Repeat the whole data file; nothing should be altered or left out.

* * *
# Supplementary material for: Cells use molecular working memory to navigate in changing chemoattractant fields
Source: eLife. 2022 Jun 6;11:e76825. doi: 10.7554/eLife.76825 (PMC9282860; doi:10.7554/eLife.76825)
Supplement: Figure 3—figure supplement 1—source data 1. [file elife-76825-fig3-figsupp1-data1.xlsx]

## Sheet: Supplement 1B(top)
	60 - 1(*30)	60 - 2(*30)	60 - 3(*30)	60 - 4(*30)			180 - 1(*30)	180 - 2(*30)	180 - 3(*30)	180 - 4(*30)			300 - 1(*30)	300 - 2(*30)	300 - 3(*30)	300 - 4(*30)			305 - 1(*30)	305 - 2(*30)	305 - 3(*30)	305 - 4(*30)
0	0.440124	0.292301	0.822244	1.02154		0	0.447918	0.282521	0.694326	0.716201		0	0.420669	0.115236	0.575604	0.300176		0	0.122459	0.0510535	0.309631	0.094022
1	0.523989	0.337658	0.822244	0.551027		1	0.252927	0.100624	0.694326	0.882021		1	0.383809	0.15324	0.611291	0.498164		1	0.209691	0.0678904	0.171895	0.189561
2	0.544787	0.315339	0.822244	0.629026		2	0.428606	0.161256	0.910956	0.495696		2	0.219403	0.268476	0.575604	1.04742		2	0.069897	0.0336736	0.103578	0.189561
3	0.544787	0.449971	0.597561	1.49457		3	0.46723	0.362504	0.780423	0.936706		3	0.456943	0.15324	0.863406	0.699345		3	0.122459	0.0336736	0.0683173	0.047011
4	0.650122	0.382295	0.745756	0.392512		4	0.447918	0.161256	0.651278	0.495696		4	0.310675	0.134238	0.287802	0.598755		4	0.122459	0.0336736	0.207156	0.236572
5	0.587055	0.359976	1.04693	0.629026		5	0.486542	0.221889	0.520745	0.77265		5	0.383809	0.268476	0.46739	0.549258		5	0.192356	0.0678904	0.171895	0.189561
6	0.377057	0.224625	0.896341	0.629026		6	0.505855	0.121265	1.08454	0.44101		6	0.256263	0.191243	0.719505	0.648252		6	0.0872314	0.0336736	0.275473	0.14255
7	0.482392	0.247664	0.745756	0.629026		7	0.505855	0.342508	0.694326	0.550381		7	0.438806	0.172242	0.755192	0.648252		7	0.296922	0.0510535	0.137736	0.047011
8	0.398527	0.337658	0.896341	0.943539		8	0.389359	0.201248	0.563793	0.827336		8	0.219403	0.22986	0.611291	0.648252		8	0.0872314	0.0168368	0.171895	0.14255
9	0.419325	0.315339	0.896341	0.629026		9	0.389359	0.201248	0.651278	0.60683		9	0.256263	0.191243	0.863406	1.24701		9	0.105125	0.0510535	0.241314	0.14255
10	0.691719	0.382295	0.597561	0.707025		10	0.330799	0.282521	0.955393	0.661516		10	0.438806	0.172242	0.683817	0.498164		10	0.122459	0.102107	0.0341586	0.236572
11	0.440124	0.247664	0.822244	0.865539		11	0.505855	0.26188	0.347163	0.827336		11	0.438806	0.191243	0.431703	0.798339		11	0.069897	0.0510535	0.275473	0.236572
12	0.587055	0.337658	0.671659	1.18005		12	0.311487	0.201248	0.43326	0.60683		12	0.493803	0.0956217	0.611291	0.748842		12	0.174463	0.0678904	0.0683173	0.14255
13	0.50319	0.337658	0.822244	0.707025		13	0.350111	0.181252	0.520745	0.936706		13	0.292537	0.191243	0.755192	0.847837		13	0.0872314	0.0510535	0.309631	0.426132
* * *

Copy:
# Supplementary material for: Cells use molecular working memory to navigate in changing chemoattractant fields
Source: eLife. 2022 Jun 6;11:e76825. doi: 10.7554/eLife.76825 (PMC9282860; doi:10.7554/eLife.76825)
Supplement: Figure 3—figure supplement 1—source data 1. [file elife-76825-fig3-figsupp1-data1.xlsx]

## Sheet: Supplement 1B(top)
	60 - 1(*30)	60 - 2(*30)	60 - 3(*30)	60 - 4(*30)			180 - 1(*30)	180 - 2(*30)	180 - 3(*30)	180 - 4(*30)			300 - 1(*30)	300 - 2(*30)	300 - 3(*30)	300 - 4(*30)			305 - 1(*30)	305 - 2(*30)	305 - 3(*30)	305 - 4(*30)
0	0.440124	0.292301	0.822244	1.02154		0	0.447918	0.282521	0.694326	0.716201		0	0.420669	0.115236	0.575604	0.300176		0	0.122459	0.0510535	0.309631	0.094022
1	0.523989	0.337658	0.822244	0.551027		1	0.252927	0.100624	0.694326	0.882021		1	0.383809	0.15324	0.611291	0.498164		1	0.209691	0.0678904	0.171895	0.189561
2	0.544787	0.315339	0.822244	0.629026		2	0.428606	0.161256	0.910956	0.495696		2	0.219403	0.268476	0.575604	1.04742		2	0.069897	0.0336736	0.103578	0.189561
3	0.544787	0.449971	0.597561	1.49457		3	0.46723	0.362504	0.780423	0.936706		3	0.456943	0.15324	0.863406	0.699345		3	0.122459	0.0336736	0.0683173	0.047011
4	0.650122	0.382295	0.745756	0.392512		4	0.447918	0.161256	0.651278	0.495696		4	0.310675	0.134238	0.287802	0.598755		4	0.122459	0.0336736	0.207156	0.236572
5	0.587055	0.359976	1.04693	0.629026		5	0.486542	0.221889	0.520745	0.77265		5	0.383809	0.268476	0.46739	0.549258		5	0.192356	0.0678904	0.171895	0.189561
6	0.377057	0.224625	0.896341	0.629026		6	0.505855	0.121265	1.08454	0.44101		6	0.256263	0.191243	0.719505	0.648252		6	0.0872314	0.0336736	0.275473	0.14255
7	0.482392	0.247664	0.745756	0.629026		7	0.505855	0.342508	0.694326	0.550381		7	0.438806	0.172242	0.755192	0.648252		7	0.296922	0.0510535	0.137736	0.047011
8	0.398527	0.337658	0.896341	0.943539		8	0.389359	0.201248	0.563793	0.827336		8	0.219403	0.22986	0.611291	0.648252		8	0.0872314	0.0168368	0.171895	0.14255
9	0.419325	0.315339	0.896341	0.629026		9	0.389359	0.201248	0.651278	0.60683		9	0.256263	0.191243	0.863406	1.24701		9	0.105125	0.0510535	0.241314	0.14255
10	0.691719	0.382295	0.597561	0.707025		10	0.330799	0.282521	0.955393	0.661516		10	0.438806	0.172242	0.683817	0.498164		10	0.122459	0.102107	0.0341586	0.236572
11	0.440124	0.247664	0.822244	0.865539		11	0.505855	0.26188	0.347163	0.827336		11	0.438806	0.191243	0.431703	0.798339		11	0.069897	0.0510535	0.275473	0.236572
12	0.587055	0.337658	0.671659	1.18005		12	0.311487	0.201248	0.43326	0.60683		12	0.493803	0.0956217	0.611291	0.748842		12	0.174463	0.0678904	0.0683173	0.14255
13	0.50319	0.337658	0.822244	0.707025		13	0.350111	0.181252	0.520745	0.936706		13	0.292537	0.191243	0.755192	0.847837		13	0.0872314	0.0510535	0.309631	0.426132